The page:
Post 565: plumes of smoke

I watched a 1955 romantic farce this morning, “To Paris with Love”. What a movie! Paris in the mid-century, with the streets full of vintage European automobiles (now, if not then), and plumes of smoke.

Yes, automobiles and people in that day pumped out the smoke, and the air was acrid, rough on the lungs, eyes, and skin. But everything and everyone did it. In the movie, a waiter brought the woman and man their appetizer, a shrimp cocktail. The moment the waiter left but before one shrimp left the cup, the man, yes, lighted a cigarette! How blinking romantic! The guy looked “Fifties Cool”! (A jerk by our standards for ruining the meal…!)

The young man on the Vespa scooter drives off with the cute girlfriend hanging on behind him. Yes, that little two-stroke engine left a smoke screen worthy of an army trying to conceal it’s movements. Of course, when Sir Alec Guinness drove off in his Rolls Royce convertible, a strangely puke green-colored machine, his eight cylinders left a fine plume of smoke, too, only richer. I don’t recall, but he probably was smoking a cigarette because he smoked through several packs in the movie.

Air Visibility Index photo in which good and bad air visibility day photos are justaposed. [Colorado State Government]

Denver Air Visibility Index photo in which good and bad air visibility day photos are juxtaposed. [Colorado State Government]

I recall vividly a trip to Denver in 1969 for my US Army physical and aptitude testing. After they poked and prodded me, turned me out onto the streets of Denver, I decided to walk to the State Capitol. People on the street walked by me, smoking. The cars pumped out their own plumes of smoke Unfortunately, the air was so polluted, I ended up getting out of the “fresh” air for my safety and comfort! That was my first contact with genuine air pollution, not counting the stench one experiences driving by the sugar beet processing factory in the next town over or any of the feed lots along the road.

For all the whining about air quality standards and restrictions on smoking in public places, the change in breathable air since then is easily illustrated by this little story:

My Paris friend Ralph and his friend Helen visited one summer. Ralph’s father’d purchased a new Chrysler New Yorker that year, which I think was 1992, or not, just that it was after strict pollution control standards on automobiles became the norm on all American market cars. Ralph’s father’s car was running in the driveway, and we were standing next to the tail end of the car, admiring it. Helen bent over and sniffed the exhaust.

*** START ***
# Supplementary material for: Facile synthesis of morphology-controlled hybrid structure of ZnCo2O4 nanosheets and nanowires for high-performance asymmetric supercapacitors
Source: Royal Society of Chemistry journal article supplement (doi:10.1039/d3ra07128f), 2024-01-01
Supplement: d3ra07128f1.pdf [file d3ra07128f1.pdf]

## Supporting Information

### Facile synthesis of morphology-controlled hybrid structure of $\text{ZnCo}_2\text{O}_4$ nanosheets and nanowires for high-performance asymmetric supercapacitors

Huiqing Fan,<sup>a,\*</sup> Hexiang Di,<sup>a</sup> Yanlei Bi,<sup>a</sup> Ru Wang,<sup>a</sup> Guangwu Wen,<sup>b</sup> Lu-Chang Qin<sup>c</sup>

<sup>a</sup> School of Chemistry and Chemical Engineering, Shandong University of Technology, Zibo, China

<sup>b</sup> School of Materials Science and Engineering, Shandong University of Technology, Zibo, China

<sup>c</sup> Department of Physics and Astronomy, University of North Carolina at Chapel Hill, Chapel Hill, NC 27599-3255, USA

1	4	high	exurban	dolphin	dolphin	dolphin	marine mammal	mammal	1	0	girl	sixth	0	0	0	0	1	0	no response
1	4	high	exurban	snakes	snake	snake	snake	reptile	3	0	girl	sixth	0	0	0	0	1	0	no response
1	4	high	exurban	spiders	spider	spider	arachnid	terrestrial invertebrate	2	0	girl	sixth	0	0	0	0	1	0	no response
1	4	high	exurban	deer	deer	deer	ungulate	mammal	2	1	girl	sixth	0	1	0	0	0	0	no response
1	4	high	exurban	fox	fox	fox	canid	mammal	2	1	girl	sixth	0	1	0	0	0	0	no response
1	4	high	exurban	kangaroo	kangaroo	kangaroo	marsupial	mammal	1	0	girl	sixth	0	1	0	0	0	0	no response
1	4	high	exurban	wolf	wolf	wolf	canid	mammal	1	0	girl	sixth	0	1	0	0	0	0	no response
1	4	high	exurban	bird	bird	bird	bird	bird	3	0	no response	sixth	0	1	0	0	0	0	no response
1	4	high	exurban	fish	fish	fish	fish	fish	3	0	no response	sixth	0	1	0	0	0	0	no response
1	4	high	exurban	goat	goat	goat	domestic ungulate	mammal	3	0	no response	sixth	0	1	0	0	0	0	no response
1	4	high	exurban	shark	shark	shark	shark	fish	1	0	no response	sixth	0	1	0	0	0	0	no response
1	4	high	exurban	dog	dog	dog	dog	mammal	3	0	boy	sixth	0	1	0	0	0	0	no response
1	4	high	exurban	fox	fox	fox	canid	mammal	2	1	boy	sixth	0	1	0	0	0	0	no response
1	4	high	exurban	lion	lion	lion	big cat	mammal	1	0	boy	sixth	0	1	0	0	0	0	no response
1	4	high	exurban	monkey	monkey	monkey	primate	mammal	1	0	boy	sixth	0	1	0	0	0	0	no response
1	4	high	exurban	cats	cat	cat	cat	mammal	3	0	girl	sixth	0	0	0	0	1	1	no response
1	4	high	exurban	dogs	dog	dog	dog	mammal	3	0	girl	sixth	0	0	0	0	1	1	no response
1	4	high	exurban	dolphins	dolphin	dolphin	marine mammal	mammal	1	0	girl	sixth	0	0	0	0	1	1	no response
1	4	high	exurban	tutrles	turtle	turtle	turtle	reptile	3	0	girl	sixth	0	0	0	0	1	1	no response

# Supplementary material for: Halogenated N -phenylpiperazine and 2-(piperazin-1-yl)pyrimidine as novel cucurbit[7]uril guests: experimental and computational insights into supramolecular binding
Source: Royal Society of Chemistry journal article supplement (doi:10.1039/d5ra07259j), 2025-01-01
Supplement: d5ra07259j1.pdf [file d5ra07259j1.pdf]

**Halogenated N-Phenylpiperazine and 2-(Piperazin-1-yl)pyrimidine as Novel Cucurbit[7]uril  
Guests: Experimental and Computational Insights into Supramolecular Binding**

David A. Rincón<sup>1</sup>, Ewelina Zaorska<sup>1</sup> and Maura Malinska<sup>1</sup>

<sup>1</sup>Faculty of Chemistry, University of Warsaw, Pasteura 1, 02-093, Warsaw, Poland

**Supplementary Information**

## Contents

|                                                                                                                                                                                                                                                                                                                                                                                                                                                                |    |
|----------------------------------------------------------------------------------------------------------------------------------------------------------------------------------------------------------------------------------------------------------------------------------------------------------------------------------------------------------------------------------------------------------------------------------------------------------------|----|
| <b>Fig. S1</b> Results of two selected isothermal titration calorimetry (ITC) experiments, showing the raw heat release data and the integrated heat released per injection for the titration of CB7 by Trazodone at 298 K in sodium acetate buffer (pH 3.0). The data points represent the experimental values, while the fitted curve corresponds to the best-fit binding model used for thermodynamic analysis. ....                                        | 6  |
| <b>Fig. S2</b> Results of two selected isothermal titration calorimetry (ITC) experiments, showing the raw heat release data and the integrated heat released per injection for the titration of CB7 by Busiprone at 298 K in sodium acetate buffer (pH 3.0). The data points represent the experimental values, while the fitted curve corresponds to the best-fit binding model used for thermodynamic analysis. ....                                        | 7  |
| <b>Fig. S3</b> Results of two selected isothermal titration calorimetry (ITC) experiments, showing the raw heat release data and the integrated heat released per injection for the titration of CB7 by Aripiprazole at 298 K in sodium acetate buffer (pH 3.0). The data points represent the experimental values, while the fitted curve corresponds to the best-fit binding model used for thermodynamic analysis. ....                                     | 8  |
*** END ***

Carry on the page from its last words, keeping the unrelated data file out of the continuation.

tailend of a 1992 Chrysler New Yorker...

tail end of a 1992 Chrysler New Yorker…


What!?  It was totally random, unexpected. “It does smell clean,” she calmly announced. No plume of smoke from that Chrysler! Any car sending smoke signals in America then was in need of repairs, was antique, or both. Whatever the year it was, European air quality standards still allowed plumes of smoke from people and automobiles, though the EU countries were working on changing that.

Now the cars there are very clean, too, and very few, if any, public places allow plumes of smoke from people, either. Does anyone miss them on either side of the Atlantic?


8 thoughts on “Post 565: plumes of smoke

  1. Mom says they probably did start polluting the air back then but heck they didn’t know any better. Mom smoked back then and also added to the pollution. She didn’t know it was bad for her until she was totally hooked and then it was very difficult to quit.

    Your review of the movie was priceless….mom laughed so hard….its a wonder she didn’t tinkle.

    Have a great day friend,


  2. I certainly do not miss the smoke. I grew up in a RR and steel mill town and the pollution was enormous. There was an orange smog when all the mills were running leaving a residue everywhere and the noise pollution was outrageous. Of course, pollution was far down on the list of importance when the surrounding towns made their living from the mills and railroad. The Ohio river had rusty orange colored sludge in it and citizens were warned not to eat fish from the river, which still holds today. The air and water pollution eventually cleared when the mills shut down but then so too did the towns. Its a shame that a balance could not have been found.

    • I remember a killer fog (smog, actually) that hit London in the 1950s. It was regular fog, I think, polluted with coal fire pollutants from people’s stoves. Thousands of people died. A quick look on Google shows it happened in 1952, and is the worst instance of this sort of poisoning by pollution on record. Of course, China seems headed toward a new record when people running in a marathon there recently wore gas masks!

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